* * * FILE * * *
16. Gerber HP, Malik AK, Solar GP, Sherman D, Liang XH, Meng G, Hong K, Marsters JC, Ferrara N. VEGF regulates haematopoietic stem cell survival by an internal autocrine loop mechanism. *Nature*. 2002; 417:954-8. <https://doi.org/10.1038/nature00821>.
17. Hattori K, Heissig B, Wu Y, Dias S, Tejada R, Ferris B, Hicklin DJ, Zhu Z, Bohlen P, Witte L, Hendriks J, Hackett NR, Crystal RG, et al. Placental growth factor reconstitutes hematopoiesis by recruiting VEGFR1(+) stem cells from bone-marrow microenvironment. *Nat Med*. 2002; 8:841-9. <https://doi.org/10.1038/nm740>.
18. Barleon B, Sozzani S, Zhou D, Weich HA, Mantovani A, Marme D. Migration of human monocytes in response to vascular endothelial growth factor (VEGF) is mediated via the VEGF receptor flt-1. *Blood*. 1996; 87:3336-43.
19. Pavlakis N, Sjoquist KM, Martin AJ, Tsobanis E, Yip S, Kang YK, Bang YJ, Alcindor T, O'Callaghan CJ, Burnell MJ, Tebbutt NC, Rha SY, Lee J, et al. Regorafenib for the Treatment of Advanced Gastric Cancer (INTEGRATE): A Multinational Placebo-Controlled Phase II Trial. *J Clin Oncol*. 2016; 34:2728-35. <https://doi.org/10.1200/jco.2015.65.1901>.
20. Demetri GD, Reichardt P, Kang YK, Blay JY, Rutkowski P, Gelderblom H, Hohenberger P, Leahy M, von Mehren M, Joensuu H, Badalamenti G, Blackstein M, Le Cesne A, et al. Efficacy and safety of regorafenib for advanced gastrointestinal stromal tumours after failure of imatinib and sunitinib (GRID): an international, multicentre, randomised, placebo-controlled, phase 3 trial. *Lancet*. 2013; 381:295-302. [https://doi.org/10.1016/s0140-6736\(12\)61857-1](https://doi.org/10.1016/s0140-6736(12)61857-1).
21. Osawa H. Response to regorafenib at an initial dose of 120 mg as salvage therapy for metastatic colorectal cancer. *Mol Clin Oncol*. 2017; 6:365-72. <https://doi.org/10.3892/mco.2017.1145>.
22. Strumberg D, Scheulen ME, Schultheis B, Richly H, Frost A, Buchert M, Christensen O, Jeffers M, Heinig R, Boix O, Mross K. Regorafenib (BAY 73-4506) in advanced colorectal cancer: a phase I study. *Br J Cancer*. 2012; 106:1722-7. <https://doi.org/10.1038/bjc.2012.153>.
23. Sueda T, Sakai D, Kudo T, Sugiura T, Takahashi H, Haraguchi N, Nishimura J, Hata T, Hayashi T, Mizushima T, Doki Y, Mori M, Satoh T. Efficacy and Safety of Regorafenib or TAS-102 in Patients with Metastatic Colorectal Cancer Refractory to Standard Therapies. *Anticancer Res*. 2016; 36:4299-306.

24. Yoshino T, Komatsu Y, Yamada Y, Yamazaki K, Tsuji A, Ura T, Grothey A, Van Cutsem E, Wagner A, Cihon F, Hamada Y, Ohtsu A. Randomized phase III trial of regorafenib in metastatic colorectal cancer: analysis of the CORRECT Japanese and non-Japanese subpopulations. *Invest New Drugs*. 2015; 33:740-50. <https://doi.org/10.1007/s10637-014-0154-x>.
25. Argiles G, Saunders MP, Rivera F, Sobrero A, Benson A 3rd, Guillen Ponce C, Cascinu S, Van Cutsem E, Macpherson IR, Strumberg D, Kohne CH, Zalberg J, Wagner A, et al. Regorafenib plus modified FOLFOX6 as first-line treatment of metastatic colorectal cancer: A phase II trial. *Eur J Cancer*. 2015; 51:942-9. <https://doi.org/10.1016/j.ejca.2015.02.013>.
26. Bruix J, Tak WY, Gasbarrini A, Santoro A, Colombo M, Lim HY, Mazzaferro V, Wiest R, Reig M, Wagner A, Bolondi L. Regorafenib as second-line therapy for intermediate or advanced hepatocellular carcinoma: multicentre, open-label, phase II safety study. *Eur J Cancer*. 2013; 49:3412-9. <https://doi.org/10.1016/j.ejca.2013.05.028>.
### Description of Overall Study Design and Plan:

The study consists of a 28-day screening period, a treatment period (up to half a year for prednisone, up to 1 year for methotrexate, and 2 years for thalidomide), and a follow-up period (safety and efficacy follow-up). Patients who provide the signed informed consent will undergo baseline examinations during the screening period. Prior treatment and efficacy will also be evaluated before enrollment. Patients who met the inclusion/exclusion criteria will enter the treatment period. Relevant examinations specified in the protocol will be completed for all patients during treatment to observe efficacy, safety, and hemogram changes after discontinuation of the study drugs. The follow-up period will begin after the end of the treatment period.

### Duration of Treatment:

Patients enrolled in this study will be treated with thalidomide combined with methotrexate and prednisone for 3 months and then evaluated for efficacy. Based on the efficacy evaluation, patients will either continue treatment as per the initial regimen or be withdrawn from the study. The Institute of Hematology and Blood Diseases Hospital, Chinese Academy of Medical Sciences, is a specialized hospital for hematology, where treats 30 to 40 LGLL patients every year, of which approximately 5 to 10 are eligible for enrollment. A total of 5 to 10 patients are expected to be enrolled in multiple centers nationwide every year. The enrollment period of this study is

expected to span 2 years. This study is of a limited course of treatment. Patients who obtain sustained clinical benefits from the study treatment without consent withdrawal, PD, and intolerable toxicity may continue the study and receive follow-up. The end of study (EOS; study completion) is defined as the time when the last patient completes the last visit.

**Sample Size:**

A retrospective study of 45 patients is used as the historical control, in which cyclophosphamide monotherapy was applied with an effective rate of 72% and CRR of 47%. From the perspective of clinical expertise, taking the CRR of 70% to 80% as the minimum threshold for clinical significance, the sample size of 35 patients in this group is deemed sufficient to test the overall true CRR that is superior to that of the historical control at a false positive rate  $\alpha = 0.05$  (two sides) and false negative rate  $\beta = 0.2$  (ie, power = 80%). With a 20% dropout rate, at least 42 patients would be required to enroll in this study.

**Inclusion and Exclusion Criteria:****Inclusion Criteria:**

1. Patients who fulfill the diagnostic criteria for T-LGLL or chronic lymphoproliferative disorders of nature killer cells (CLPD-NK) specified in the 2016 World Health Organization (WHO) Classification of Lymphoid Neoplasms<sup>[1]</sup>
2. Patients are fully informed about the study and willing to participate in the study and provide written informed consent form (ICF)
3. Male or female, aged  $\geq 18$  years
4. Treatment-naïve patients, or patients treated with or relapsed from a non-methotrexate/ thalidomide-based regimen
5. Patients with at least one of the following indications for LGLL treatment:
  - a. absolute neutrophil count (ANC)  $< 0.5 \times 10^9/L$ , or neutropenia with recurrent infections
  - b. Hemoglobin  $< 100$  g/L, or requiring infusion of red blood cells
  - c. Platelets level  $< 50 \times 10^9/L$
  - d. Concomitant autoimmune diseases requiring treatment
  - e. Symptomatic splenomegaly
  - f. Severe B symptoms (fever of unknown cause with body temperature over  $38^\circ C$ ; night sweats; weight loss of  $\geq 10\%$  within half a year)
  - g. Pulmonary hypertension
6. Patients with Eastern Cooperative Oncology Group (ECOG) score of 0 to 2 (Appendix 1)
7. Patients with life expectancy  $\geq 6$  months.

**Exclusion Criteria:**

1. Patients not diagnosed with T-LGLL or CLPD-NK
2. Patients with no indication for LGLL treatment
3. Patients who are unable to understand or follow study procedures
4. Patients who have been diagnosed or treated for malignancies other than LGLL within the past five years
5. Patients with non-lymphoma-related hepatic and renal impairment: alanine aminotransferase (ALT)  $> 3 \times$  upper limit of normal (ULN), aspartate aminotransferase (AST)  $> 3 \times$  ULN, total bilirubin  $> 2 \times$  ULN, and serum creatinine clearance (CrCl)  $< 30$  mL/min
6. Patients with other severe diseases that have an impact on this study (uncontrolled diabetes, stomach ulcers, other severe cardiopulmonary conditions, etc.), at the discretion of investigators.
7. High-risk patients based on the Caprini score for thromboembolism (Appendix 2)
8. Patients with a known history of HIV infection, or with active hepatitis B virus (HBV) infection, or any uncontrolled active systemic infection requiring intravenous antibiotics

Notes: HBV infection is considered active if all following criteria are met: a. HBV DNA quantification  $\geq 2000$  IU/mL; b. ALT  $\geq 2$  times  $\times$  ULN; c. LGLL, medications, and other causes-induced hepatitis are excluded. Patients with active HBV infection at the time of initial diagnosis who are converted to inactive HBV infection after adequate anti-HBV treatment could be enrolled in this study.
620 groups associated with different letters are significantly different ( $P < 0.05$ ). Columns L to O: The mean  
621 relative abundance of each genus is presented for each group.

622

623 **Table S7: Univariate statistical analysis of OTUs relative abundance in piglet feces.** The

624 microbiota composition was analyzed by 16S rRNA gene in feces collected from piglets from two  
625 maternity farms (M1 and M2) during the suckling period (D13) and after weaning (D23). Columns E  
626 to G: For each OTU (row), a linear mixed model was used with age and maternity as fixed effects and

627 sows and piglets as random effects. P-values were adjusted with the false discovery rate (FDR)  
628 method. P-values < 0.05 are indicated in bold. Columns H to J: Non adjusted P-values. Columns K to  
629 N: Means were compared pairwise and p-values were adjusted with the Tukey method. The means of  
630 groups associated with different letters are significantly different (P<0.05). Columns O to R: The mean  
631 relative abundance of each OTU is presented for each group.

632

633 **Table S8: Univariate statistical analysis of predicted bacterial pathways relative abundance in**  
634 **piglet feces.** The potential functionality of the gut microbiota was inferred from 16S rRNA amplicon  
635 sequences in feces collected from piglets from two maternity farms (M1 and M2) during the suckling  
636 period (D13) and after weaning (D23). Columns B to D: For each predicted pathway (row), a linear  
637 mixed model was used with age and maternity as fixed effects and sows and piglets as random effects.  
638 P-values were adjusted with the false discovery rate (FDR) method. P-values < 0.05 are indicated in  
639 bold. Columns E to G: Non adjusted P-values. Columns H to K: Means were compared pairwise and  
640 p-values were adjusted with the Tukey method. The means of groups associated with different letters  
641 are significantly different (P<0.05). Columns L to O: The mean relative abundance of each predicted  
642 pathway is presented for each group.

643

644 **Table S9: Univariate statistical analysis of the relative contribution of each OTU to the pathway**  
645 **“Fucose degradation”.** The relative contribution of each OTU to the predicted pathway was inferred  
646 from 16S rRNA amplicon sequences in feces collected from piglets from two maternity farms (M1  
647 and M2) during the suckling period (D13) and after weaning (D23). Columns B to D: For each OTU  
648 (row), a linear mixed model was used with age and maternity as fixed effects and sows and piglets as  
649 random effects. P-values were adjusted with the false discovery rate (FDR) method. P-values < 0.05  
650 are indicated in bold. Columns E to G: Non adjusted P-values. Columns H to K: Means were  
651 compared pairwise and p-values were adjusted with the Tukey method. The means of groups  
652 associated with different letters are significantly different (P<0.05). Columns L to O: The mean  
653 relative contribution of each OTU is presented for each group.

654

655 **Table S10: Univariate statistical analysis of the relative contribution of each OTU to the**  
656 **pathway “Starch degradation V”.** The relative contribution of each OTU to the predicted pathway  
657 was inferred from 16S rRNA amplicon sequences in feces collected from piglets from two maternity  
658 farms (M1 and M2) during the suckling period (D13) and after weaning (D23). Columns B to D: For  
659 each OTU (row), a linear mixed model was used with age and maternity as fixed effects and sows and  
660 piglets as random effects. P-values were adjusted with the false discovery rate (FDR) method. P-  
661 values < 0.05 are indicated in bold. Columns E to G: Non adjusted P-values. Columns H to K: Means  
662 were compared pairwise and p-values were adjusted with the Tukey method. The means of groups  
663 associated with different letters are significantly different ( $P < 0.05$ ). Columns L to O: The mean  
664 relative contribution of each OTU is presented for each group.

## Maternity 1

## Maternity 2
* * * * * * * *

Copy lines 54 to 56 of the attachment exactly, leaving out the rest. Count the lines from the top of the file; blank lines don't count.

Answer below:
630 groups associated with different letters are significantly different (P<0.05). Columns O to R: The mean  
631 relative abundance of each OTU is presented for each group.

632